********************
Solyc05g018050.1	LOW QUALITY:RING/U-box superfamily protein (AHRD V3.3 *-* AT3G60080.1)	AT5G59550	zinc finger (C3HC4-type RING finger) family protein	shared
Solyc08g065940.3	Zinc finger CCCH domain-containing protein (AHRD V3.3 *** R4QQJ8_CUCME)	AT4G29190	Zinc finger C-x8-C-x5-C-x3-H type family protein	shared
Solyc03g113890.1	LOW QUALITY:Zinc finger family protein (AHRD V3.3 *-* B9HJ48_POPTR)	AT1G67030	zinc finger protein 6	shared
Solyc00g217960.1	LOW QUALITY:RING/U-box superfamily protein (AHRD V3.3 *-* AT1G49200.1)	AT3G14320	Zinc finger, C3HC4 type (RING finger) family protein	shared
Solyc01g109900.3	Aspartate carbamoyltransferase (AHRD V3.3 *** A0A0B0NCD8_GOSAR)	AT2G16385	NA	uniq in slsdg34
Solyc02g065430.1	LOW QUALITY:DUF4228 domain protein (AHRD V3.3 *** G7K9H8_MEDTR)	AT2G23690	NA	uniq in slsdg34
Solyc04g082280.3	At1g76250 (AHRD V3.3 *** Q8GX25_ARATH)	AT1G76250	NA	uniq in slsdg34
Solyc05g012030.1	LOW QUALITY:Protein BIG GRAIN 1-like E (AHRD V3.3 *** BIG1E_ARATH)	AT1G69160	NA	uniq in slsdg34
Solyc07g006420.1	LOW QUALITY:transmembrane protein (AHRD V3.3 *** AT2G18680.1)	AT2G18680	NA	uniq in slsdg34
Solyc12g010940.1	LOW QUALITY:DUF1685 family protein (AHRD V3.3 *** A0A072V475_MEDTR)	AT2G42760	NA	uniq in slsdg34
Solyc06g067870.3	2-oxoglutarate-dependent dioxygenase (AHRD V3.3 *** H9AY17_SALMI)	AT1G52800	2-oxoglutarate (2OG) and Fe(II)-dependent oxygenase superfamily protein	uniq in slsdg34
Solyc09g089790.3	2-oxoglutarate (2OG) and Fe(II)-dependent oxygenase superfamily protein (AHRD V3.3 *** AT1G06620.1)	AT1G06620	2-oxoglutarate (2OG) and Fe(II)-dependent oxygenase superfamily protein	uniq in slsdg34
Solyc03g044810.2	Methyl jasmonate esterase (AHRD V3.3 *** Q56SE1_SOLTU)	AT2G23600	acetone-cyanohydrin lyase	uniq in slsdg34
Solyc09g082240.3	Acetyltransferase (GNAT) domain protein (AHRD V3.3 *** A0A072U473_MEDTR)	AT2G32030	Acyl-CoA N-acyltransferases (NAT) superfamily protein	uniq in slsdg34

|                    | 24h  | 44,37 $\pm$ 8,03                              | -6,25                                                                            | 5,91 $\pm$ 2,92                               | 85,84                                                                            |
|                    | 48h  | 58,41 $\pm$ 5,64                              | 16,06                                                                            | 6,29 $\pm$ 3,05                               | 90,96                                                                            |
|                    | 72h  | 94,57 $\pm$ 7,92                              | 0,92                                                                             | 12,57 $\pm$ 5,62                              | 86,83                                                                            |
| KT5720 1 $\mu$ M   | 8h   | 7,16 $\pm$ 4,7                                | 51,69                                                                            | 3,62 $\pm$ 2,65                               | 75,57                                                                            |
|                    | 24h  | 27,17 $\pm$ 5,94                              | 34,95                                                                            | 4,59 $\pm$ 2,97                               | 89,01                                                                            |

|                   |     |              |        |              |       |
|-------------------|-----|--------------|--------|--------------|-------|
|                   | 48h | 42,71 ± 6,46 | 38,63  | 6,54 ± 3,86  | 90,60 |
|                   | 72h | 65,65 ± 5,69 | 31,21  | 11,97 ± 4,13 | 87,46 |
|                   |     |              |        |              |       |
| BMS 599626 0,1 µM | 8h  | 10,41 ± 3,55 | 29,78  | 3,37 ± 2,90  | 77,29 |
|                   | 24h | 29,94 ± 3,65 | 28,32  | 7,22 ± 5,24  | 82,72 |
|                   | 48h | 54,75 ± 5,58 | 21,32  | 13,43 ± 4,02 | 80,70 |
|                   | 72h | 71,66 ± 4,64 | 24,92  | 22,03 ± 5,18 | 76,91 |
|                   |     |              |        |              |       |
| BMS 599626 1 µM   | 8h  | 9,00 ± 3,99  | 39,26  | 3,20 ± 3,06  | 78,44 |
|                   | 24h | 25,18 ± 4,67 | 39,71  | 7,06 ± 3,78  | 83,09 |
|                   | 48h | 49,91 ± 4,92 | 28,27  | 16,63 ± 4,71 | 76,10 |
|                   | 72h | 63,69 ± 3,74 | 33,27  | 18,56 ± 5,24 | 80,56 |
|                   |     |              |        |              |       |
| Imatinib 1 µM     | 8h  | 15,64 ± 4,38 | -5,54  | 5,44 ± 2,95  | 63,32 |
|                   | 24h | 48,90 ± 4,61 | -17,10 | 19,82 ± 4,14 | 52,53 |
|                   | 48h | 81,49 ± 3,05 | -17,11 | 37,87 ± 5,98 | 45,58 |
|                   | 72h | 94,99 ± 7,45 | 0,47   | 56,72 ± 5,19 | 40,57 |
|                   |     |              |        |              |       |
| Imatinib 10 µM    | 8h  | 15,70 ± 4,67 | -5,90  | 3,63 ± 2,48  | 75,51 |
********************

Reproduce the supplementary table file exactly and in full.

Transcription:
Solyc05g018050.1	LOW QUALITY:RING/U-box superfamily protein (AHRD V3.3 *-* AT3G60080.1)	AT5G59550	zinc finger (C3HC4-type RING finger) family protein	shared
Solyc08g065940.3	Zinc finger CCCH domain-containing protein (AHRD V3.3 *** R4QQJ8_CUCME)	AT4G29190	Zinc finger C-x8-C-x5-C-x3-H type family protein	shared
Solyc03g113890.1	LOW QUALITY:Zinc finger family protein (AHRD V3.3 *-* B9HJ48_POPTR)	AT1G67030	zinc finger protein 6	shared
Solyc00g217960.1	LOW QUALITY:RING/U-box superfamily protein (AHRD V3.3 *-* AT1G49200.1)	AT3G14320	Zinc finger, C3HC4 type (RING finger) family protein	shared
Solyc01g109900.3	Aspartate carbamoyltransferase (AHRD V3.3 *** A0A0B0NCD8_GOSAR)	AT2G16385	NA	uniq in slsdg34
Solyc02g065430.1	LOW QUALITY:DUF4228 domain protein (AHRD V3.3 *** G7K9H8_MEDTR)	AT2G23690	NA	uniq in slsdg34
Solyc04g082280.3	At1g76250 (AHRD V3.3 *** Q8GX25_ARATH)	AT1G76250	NA	uniq in slsdg34
Solyc05g012030.1	LOW QUALITY:Protein BIG GRAIN 1-like E (AHRD V3.3 *** BIG1E_ARATH)	AT1G69160	NA	uniq in slsdg34
Solyc07g006420.1	LOW QUALITY:transmembrane protein (AHRD V3.3 *** AT2G18680.1)	AT2G18680	NA	uniq in slsdg34
Solyc12g010940.1	LOW QUALITY:DUF1685 family protein (AHRD V3.3 *** A0A072V475_MEDTR)	AT2G42760	NA	uniq in slsdg34
Solyc06g067870.3	2-oxoglutarate-dependent dioxygenase (AHRD V3.3 *** H9AY17_SALMI)	AT1G52800	2-oxoglutarate (2OG) and Fe(II)-dependent oxygenase superfamily protein	uniq in slsdg34
Solyc09g089790.3	2-oxoglutarate (2OG) and Fe(II)-dependent oxygenase superfamily protein (AHRD V3.3 *** AT1G06620.1)	AT1G06620	2-oxoglutarate (2OG) and Fe(II)-dependent oxygenase superfamily protein	uniq in slsdg34
Solyc03g044810.2	Methyl jasmonate esterase (AHRD V3.3 *** Q56SE1_SOLTU)	AT2G23600	acetone-cyanohydrin lyase	uniq in slsdg34
Solyc09g082240.3	Acetyltransferase (GNAT) domain protein (AHRD V3.3 *** A0A072U473_MEDTR)	AT2G32030	Acyl-CoA N-acyltransferases (NAT) superfamily protein	uniq in slsdg34

|                    | 24h  | 44,37 $\pm$ 8,03                              | -6,25                                                                            | 5,91 $\pm$ 2,92                               | 85,84                                                                            |
|                    | 48h  | 58,41 $\pm$ 5,64                              | 16,06                                                                            | 6,29 $\pm$ 3,05                               | 90,96                                                                            |
|                    | 72h  | 94,57 $\pm$ 7,92                              | 0,92                                                                             | 12,57 $\pm$ 5,62                              | 86,83                                                                            |
| KT5720 1 $\mu$ M   | 8h   | 7,16 $\pm$ 4,7                                | 51,69                                                                            | 3,62 $\pm$ 2,65                               | 75,57                                                                            |
|                    | 24h  | 27,17 $\pm$ 5,94                              | 34,95                                                                            | 4,59 $\pm$ 2,97                               | 89,01                                                                            |

|                   |     |              |        |              |       |
|-------------------|-----|--------------|--------|--------------|-------|
|                   | 48h | 42,71 ± 6,46 | 38,63  | 6,54 ± 3,86  | 90,60 |
|                   | 72h | 65,65 ± 5,69 | 31,21  | 11,97 ± 4,13 | 87,46 |
|                   |     |              |        |              |       |
| BMS 599626 0,1 µM | 8h  | 10,41 ± 3,55 | 29,78  | 3,37 ± 2,90  | 77,29 |
|                   | 24h | 29,94 ± 3,65 | 28,32  | 7,22 ± 5,24  | 82,72 |
|                   | 48h | 54,75 ± 5,58 | 21,32  | 13,43 ± 4,02 | 80,70 |
|                   | 72h | 71,66 ± 4,64 | 24,92  | 22,03 ± 5,18 | 76,91 |
|                   |     |              |        |              |       |
| BMS 599626 1 µM   | 8h  | 9,00 ± 3,99  | 39,26  | 3,20 ± 3,06  | 78,44 |
|                   | 24h | 25,18 ± 4,67 | 39,71  | 7,06 ± 3,78  | 83,09 |
|                   | 48h | 49,91 ± 4,92 | 28,27  | 16,63 ± 4,71 | 76,10 |
|                   | 72h | 63,69 ± 3,74 | 33,27  | 18,56 ± 5,24 | 80,56 |
|                   |     |              |        |              |       |
| Imatinib 1 µM     | 8h  | 15,64 ± 4,38 | -5,54  | 5,44 ± 2,95  | 63,32 |
|                   | 24h | 48,90 ± 4,61 | -17,10 | 19,82 ± 4,14 | 52,53 |
|                   | 48h | 81,49 ± 3,05 | -17,11 | 37,87 ± 5,98 | 45,58 |
|                   | 72h | 94,99 ± 7,45 | 0,47   | 56,72 ± 5,19 | 40,57 |
|                   |     |              |        |              |       |
| Imatinib 10 µM    | 8h  | 15,70 ± 4,67 | -5,90  | 3,63 ± 2,48  | 75,51 |